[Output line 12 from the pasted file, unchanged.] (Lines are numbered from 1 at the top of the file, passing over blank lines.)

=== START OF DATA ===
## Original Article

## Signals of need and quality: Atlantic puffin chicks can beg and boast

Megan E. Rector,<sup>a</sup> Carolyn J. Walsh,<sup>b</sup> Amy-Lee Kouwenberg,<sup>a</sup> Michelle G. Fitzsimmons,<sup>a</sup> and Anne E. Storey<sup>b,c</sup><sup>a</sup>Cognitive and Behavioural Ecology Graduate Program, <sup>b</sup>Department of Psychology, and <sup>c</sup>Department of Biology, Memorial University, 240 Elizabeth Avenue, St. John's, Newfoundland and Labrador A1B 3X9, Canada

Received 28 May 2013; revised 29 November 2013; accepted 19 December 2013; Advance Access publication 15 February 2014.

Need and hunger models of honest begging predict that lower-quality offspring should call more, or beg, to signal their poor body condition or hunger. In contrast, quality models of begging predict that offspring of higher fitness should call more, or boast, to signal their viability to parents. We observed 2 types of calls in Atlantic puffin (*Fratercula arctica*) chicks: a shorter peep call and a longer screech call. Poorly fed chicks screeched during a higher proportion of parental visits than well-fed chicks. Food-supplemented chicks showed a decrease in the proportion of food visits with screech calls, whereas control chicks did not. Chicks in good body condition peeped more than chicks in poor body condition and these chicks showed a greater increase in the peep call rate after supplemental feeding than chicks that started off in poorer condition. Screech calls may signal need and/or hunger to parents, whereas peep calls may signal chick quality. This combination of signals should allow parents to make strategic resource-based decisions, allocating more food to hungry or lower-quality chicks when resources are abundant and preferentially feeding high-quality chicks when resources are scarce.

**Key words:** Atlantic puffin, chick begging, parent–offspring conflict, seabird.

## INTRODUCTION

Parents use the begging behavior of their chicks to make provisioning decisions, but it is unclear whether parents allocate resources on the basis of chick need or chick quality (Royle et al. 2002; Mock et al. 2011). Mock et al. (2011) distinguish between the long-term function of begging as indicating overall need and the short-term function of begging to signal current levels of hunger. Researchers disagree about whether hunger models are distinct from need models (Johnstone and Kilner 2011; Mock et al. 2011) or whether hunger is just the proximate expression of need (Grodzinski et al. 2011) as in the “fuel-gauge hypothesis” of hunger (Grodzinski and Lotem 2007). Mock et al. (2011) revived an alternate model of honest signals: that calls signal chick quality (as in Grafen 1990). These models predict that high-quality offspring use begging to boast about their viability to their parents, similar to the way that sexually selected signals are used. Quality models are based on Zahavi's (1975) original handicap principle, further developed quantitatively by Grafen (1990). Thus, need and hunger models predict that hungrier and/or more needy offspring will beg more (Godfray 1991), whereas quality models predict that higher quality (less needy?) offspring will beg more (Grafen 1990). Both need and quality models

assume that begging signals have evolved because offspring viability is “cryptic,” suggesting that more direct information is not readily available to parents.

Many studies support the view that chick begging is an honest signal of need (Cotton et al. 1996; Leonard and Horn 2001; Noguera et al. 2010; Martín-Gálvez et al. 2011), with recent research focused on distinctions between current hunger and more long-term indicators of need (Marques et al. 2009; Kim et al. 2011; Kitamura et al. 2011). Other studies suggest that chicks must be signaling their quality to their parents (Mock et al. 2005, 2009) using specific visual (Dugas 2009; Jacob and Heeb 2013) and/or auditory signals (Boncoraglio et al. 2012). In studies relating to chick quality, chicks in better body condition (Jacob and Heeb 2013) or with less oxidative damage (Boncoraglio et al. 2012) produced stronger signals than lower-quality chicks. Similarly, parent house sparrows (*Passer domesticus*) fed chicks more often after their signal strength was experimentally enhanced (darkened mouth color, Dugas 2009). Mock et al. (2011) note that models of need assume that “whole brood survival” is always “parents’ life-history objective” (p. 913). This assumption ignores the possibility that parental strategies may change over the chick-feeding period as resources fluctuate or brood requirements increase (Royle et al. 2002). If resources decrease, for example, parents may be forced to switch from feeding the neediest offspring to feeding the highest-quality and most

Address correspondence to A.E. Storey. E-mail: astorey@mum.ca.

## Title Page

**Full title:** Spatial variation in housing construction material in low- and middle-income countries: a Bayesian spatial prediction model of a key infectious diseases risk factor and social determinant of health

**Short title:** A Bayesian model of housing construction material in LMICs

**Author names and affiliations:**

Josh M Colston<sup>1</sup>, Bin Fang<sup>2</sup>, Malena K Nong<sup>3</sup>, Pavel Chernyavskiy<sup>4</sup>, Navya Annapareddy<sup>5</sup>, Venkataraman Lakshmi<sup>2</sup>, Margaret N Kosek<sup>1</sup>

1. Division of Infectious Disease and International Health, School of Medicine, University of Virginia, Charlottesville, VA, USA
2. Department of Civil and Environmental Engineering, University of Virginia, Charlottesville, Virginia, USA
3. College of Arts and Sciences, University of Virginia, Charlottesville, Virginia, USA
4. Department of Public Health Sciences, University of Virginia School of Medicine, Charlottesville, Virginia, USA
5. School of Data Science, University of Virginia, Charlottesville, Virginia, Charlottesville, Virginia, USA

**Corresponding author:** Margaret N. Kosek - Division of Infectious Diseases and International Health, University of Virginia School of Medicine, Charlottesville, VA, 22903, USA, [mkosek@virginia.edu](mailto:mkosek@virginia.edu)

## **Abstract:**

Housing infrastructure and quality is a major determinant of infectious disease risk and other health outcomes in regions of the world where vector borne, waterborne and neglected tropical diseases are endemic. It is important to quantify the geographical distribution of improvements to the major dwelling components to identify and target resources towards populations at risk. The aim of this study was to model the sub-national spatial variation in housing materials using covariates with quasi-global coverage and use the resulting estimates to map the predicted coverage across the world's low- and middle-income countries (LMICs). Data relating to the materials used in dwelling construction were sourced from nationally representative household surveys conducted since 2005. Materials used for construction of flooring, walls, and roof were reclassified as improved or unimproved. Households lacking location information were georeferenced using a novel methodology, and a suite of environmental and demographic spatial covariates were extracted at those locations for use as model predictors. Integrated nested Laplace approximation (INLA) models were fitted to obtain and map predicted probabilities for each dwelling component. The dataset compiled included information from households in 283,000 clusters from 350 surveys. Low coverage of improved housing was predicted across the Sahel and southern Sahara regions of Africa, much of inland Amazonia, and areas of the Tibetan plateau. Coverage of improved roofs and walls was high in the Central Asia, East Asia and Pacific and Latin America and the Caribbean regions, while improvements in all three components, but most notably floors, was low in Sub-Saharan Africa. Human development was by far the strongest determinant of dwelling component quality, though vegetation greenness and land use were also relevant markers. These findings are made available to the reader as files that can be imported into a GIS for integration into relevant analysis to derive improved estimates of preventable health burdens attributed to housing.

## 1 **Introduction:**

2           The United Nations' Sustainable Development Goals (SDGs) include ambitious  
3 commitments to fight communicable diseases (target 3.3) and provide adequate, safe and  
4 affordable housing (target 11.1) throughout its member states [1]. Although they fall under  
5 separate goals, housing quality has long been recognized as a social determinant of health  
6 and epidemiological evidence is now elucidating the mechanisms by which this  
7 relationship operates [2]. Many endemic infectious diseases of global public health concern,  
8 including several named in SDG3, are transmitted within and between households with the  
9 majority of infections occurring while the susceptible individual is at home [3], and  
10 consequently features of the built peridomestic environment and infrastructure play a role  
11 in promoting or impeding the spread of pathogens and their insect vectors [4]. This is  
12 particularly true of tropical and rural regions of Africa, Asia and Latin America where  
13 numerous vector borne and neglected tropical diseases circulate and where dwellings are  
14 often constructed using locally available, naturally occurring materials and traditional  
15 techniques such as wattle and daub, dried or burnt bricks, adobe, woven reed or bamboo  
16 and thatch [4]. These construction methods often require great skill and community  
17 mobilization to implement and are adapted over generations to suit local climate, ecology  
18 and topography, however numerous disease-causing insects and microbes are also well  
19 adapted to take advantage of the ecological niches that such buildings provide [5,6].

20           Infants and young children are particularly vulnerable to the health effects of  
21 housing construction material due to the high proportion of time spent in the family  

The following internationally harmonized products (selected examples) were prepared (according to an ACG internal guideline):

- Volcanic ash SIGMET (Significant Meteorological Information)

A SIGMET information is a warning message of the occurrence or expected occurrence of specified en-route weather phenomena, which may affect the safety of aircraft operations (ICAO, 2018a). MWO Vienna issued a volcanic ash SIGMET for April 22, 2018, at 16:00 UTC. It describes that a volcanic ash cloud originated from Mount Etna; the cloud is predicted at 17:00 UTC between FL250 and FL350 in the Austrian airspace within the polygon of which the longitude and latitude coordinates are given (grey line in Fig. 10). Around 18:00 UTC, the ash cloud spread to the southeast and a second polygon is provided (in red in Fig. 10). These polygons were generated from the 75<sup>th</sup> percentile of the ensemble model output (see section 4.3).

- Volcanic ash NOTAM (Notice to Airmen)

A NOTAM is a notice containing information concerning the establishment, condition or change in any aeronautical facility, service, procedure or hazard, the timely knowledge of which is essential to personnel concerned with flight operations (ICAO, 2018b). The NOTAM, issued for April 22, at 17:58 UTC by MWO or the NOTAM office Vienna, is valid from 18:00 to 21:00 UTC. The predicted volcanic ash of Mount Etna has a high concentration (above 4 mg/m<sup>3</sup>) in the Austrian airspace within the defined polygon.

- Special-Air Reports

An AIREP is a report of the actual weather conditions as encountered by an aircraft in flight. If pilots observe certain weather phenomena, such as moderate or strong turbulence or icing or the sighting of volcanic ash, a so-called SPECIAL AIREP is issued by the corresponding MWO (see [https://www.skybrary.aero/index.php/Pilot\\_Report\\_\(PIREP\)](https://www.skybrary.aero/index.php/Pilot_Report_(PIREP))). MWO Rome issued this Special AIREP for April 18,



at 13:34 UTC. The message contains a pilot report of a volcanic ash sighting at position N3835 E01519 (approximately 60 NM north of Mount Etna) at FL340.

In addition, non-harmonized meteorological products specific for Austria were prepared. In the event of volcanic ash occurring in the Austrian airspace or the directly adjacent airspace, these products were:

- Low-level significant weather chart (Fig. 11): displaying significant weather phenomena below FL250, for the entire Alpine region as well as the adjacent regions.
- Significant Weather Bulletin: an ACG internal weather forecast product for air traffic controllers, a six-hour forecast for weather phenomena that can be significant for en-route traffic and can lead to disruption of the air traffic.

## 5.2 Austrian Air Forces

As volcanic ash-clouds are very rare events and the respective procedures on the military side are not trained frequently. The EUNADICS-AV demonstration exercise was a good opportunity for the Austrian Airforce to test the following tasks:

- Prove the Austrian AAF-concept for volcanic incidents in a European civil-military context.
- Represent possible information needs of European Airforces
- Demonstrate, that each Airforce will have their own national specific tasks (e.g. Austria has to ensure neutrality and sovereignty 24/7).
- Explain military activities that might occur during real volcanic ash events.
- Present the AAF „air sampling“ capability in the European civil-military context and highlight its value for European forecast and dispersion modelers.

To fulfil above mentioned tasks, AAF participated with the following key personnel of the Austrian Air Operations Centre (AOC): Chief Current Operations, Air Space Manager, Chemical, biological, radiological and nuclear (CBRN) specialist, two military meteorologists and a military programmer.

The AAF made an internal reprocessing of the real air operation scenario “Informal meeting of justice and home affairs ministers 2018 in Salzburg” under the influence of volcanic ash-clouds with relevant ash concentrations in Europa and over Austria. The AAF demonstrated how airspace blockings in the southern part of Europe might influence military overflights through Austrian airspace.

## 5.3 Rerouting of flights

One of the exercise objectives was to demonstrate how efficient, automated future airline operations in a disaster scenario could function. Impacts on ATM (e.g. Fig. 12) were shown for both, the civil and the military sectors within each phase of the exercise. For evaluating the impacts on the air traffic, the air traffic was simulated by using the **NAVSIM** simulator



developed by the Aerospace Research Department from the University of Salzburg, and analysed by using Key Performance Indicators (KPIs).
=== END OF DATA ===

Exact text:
## Title Page